Posted by Editoress on 06/28/14
Svein Tuft (Orica-GreenEdge) showed once again why he is considered the Iron Man of Canadian cycling with an incredible display of endurance as he won the Elite men's national road title on Saturday, in Lac-Megantic, Quebec. In heat and humidity, on a tough hilly course, Tuft rode the rest of the field off his wheel with a 120 kilometre solo breakaway. Ben Perry (NCCH p/b DEC Express) finished eighth overall to take the Under-23 title.
A field of 129 riders were on the start line for the 179 kilometre race, which started and finished in downtown Lac Mégantic, almost a year after the train derailment that ravaged the town's downtown core. A moment of silence was observed prior to the race.
Peloton strung out before the first time up the climb
The attacks started as soon as the neutral section was over, but nothing could stick in the 20 kilometre run out to the 15 kilometre Mont-Morne circuit, which the riders had to cover nine times before heading back to town. The constant attacks had already whittled the field down, but the first time up the two kilometre climb laid carnage to the peloton, as the top teams set a hard tempo.
By the third time up the climb, a select group of approximately twenty was left at the front, with all the top contenders in attendance. Tuft then attacked after the top as the race began to descend, carving out a gap along the flatter section of the loop and hitting the top of the climb on lap four with a 40 second lead.
Tuft w. 40 seconds on lap 4
"I was definitely questioning myself going that early," commented Tuft. "The thing is, [team mate] Christian [Meier] and I were in the group, but that group was all the strongest guys in the race. We couldn't ride together and let it be decided in the last few climbs. We had to keep attacking, to shake up the race. If you come down with the strongest guys in the race, you wouldn't have your work done yet."
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Behind, the chase was slow to get organized, since no one wanted to be responsible for doing the work. Thus, Tuft's lead started to grow, hitting three minutes with three laps to go. the group behind was steadily shrinking, as riders fell off the pace.
Defending champion Zach Bell (Team SmartStop) couldn't stay with the chase, and neither could Optum's top hope, Will Routley. By the time it was down to three laps remaining there were seven chasers left - Tuft's team mate Meier, who was getting a free ride, Antoine Duchesne (Team Europcar), Guillaume Boivin (Cannondale), Mike Woods (5-Hr Energy), Ryan Roth (Silber), Hugo Houle (AG2R la Mondiale) and Perry, the only U23 in the group.
The chase group
Woods attacks on the climb
Woods attacked on the second to last climb, marked by Meier and with only Roth able to bridge up. The other four chasers had nothing left and gradually drifted back to finish over four minutes down. Meier wasn't working, of course, so it was left to the other two to chase, with Woods going to the front on the climbs and Roth powering them on the flats. They were having little effect, with the gap staying at around two minutes as the race left the circuit to head back to Lac-Megantic.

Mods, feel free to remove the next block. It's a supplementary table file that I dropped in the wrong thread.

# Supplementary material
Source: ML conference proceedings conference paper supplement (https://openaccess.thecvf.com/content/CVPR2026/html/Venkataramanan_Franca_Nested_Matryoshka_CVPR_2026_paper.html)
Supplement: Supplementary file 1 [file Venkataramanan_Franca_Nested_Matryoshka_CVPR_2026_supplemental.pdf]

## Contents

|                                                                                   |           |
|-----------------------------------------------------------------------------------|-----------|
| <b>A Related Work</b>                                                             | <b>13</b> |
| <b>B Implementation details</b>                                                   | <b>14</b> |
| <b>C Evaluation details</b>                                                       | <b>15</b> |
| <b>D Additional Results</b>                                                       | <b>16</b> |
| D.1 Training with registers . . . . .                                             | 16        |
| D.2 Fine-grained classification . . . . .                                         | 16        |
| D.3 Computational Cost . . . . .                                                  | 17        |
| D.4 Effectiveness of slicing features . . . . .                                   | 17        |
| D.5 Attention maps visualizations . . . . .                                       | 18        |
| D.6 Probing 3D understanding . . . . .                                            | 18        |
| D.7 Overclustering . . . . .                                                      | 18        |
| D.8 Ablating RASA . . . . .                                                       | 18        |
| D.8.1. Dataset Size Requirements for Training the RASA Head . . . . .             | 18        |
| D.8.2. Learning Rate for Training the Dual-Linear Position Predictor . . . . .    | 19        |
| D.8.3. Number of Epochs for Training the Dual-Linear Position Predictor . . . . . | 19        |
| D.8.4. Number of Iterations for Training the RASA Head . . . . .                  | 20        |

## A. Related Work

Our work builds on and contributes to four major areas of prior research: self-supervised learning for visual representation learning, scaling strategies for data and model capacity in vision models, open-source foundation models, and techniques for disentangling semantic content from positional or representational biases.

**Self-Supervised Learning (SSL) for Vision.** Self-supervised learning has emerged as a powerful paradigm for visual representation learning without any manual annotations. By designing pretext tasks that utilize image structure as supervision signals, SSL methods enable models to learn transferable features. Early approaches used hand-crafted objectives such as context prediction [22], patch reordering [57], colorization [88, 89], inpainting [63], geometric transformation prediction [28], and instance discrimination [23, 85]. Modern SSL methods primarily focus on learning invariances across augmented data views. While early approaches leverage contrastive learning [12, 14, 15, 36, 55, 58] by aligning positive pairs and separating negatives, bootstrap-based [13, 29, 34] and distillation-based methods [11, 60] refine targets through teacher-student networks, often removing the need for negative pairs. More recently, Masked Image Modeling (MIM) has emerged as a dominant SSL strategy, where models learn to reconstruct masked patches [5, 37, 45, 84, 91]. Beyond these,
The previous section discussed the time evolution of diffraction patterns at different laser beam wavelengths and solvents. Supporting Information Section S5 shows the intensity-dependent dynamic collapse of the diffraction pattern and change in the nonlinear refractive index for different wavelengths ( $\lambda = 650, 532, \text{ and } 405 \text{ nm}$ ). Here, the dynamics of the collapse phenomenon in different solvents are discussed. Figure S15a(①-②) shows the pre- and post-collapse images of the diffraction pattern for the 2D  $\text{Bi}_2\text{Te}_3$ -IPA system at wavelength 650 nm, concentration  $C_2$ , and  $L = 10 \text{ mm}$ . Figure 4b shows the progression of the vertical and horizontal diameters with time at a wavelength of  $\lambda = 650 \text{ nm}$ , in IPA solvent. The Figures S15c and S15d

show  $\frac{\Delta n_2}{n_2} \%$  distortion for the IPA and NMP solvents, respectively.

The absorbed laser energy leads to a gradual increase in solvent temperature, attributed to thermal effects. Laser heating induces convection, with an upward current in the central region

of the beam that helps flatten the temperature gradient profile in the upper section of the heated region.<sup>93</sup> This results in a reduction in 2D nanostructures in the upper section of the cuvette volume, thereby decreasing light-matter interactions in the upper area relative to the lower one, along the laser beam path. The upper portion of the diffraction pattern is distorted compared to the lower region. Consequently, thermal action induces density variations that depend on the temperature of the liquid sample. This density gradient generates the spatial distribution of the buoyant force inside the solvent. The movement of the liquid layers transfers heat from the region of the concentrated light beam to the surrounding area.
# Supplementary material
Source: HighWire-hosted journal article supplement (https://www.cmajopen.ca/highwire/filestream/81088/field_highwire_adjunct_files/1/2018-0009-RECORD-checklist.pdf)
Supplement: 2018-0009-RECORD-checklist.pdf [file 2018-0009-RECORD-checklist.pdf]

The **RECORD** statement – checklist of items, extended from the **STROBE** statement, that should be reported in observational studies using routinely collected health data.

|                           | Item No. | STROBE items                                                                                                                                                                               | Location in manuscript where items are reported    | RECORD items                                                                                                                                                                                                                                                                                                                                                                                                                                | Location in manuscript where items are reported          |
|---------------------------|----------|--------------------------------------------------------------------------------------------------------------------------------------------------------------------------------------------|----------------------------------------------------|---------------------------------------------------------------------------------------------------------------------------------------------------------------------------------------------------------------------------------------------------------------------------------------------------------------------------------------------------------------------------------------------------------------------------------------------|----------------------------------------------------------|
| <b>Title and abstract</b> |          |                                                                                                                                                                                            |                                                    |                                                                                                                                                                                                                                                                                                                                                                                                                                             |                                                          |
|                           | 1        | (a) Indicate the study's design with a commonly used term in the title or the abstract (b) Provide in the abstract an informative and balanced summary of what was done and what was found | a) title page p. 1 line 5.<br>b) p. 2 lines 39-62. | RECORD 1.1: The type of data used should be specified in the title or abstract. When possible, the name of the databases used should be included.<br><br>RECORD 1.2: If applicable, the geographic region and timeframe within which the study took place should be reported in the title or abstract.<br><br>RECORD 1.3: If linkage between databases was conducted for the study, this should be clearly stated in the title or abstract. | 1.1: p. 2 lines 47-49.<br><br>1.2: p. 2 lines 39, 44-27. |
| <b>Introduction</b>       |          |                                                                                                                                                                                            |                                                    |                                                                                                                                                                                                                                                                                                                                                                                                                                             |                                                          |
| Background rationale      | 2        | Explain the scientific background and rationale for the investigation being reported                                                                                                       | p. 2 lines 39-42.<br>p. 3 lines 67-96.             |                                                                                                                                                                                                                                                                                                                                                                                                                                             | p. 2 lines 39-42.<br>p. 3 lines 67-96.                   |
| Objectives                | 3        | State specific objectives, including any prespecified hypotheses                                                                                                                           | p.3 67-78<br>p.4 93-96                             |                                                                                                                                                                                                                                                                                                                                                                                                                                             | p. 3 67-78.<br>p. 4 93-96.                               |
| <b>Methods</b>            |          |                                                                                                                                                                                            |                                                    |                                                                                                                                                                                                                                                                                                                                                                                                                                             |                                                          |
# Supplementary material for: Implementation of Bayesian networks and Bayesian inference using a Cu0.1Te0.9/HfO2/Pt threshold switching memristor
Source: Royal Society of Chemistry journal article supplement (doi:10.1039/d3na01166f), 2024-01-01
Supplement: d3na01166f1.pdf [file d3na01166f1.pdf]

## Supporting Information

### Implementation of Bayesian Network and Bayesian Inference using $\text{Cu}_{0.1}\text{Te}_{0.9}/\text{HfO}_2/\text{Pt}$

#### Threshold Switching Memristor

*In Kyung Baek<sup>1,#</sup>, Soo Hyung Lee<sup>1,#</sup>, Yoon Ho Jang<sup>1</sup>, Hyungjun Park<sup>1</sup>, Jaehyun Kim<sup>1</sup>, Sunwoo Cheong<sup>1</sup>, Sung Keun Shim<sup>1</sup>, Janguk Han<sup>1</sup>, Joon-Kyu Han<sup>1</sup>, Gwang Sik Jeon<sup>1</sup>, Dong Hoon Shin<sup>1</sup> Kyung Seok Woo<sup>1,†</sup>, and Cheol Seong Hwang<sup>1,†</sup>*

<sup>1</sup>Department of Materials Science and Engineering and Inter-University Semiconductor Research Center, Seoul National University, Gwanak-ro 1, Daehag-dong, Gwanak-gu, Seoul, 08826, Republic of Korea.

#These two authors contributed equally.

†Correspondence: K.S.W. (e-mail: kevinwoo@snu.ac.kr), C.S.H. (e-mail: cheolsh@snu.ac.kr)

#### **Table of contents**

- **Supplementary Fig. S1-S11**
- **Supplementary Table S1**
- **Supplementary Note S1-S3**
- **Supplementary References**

Tuft was still ticking off the kilometres at the front, but the heat was starting to take its toll, as he began to look a bit ragged on the climbs, and was massaging and pounding his thigh, which was starting to cramp.
Meier attacked the other two with about eight kilometres to go, but Roth went with him, and they started to eat into Tuft's lead, so Meier backed off once again.
Tuft rolled in to the finish with a weary smile, raising only one arm above his head, and immediately looking for shade and water. He had averaged just over 40 kilometres an hour for the entire 179 kilometres, two-thirds of it solo.
Meier led into the final uphill sprint, with Roth coming around him in the final 300 metres to take second, a minute down on Tuft.
"Coming down the stretch, I was hurting for sure," Tuft agreed. "Eventually, you have a whole bunch of guys chasing, you're going to hit the wall. With the heat, the wind ... it all takes its toll. I was suffering. I knew my limit and stayed as close as I could to come home as strong as I could, which wasn't very strong at all."
The victory for Tuft came two days after he won his ninth Canadian time trial title, giving him the double win for the second time in his career, matching his feat from 2011 in Burlington, Ontario.
"This one I am more proud of the road title. In 2011, we had some good odds with [his team] SpiderTech. We had numbers, and we could take control of the race. Today, with two guys, we had to race the perfect race. Right from the beginning, Christian and I were always in the moves, and making sure that we wouldn't be racing from behind. I'd have to say I am proud of this one."
Of the 129 starters, only 39 would finish, with all but the first eight more than 17 minutes behind the winner.